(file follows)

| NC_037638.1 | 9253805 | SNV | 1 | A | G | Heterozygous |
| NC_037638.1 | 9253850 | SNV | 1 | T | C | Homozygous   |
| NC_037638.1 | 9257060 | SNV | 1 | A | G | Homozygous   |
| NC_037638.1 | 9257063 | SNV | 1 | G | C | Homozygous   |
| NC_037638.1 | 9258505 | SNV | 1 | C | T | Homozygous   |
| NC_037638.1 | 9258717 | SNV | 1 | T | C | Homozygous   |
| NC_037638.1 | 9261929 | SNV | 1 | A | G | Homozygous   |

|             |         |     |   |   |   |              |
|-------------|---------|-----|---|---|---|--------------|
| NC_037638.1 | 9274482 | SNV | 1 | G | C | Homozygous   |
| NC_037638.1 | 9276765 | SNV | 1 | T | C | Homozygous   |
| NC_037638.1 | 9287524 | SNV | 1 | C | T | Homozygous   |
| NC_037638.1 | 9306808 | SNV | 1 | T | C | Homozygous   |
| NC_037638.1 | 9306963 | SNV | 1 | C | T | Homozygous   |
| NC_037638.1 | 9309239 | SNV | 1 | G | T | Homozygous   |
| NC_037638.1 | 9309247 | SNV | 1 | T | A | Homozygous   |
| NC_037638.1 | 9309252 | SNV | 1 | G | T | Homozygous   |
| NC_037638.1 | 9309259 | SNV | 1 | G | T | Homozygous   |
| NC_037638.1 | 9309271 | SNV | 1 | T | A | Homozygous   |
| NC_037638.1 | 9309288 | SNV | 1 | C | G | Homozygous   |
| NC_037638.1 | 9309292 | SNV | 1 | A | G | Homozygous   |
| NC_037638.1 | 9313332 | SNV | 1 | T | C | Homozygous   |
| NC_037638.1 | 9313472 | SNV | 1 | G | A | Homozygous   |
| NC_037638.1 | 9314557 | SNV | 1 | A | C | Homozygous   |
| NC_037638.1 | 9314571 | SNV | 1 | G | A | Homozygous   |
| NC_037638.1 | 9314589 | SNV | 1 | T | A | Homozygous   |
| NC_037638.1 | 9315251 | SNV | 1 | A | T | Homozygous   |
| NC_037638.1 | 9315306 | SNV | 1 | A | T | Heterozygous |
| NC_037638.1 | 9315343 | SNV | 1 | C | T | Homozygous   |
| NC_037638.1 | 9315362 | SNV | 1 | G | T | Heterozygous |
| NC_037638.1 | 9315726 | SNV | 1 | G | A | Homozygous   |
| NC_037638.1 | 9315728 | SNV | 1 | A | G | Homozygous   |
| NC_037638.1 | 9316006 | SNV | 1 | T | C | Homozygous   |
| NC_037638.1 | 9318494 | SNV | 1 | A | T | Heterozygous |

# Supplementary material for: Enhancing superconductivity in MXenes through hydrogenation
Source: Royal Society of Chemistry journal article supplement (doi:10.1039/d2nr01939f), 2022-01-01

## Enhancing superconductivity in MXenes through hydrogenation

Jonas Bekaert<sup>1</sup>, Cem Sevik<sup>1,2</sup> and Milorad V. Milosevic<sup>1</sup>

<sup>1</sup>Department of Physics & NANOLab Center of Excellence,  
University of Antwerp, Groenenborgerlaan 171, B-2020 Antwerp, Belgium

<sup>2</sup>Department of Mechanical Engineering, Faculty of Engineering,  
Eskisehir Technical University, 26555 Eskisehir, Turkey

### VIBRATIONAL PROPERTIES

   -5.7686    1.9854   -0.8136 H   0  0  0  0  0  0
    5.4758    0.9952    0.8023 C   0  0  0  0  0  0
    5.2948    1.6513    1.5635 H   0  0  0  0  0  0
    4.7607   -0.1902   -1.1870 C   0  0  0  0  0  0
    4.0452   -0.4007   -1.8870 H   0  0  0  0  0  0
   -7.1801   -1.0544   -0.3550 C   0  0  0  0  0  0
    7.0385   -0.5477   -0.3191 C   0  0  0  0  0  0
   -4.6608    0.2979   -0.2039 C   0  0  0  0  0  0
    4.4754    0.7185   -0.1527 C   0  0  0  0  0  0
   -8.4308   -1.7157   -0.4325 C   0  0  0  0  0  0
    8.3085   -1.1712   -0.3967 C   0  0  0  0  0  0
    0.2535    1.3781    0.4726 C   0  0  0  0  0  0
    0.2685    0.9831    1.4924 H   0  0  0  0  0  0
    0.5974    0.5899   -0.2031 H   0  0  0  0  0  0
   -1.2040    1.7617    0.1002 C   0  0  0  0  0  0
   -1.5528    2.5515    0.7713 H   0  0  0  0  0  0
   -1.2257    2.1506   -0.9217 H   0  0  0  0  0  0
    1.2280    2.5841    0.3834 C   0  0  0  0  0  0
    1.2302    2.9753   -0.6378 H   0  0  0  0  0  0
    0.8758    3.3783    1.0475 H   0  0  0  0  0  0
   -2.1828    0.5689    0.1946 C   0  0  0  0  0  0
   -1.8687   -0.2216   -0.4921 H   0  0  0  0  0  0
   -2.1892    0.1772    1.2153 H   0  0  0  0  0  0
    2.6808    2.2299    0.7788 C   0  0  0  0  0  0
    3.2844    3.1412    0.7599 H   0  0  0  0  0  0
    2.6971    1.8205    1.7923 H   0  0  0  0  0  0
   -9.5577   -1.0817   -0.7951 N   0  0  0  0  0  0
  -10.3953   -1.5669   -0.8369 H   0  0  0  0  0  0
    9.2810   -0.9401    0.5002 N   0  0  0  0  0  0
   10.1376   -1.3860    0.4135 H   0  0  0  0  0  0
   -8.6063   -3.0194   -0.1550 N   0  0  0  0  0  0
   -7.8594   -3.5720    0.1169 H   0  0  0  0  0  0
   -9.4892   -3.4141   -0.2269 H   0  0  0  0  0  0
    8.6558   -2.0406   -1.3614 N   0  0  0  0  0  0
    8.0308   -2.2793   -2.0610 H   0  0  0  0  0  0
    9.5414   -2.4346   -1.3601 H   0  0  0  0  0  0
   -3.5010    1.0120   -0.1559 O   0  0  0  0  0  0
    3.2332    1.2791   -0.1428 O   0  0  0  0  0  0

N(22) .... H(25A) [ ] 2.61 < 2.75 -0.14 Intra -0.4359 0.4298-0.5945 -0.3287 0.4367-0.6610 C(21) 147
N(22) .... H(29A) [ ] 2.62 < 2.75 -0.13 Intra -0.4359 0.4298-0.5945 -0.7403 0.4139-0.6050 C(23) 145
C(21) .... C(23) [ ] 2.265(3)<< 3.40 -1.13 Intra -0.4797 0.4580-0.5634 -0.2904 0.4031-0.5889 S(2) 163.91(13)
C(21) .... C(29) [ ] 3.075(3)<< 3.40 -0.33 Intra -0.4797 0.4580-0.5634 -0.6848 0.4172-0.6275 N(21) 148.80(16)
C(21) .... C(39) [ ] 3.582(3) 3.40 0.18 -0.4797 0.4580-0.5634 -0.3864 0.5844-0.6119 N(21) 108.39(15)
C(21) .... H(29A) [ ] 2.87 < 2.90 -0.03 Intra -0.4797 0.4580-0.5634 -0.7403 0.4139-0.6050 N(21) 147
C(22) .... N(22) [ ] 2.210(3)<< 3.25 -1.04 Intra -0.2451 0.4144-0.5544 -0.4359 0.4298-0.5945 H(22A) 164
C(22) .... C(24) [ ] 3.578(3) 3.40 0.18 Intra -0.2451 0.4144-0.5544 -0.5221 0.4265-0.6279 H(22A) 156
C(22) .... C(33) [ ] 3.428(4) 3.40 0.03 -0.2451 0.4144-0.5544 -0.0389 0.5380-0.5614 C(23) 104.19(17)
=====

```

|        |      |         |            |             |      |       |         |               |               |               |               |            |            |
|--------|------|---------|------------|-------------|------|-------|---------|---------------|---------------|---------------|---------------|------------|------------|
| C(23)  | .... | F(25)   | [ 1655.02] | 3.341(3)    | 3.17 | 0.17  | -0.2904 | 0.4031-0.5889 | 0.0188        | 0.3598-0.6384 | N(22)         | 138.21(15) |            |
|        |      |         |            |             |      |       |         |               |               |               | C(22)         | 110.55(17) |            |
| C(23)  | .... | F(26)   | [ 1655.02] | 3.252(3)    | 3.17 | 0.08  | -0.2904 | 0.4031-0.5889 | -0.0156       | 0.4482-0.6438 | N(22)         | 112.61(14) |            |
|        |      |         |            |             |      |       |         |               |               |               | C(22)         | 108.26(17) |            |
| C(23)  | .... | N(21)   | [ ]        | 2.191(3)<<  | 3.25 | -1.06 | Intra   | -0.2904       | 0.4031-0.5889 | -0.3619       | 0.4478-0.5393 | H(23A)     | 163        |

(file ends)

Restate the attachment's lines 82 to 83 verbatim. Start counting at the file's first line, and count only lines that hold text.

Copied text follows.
N(22) .... H(25A) [ ] 2.61 < 2.75 -0.14 Intra -0.4359 0.4298-0.5945 -0.3287 0.4367-0.6610 C(21) 147
N(22) .... H(29A) [ ] 2.62 < 2.75 -0.13 Intra -0.4359 0.4298-0.5945 -0.7403 0.4139-0.6050 C(23) 145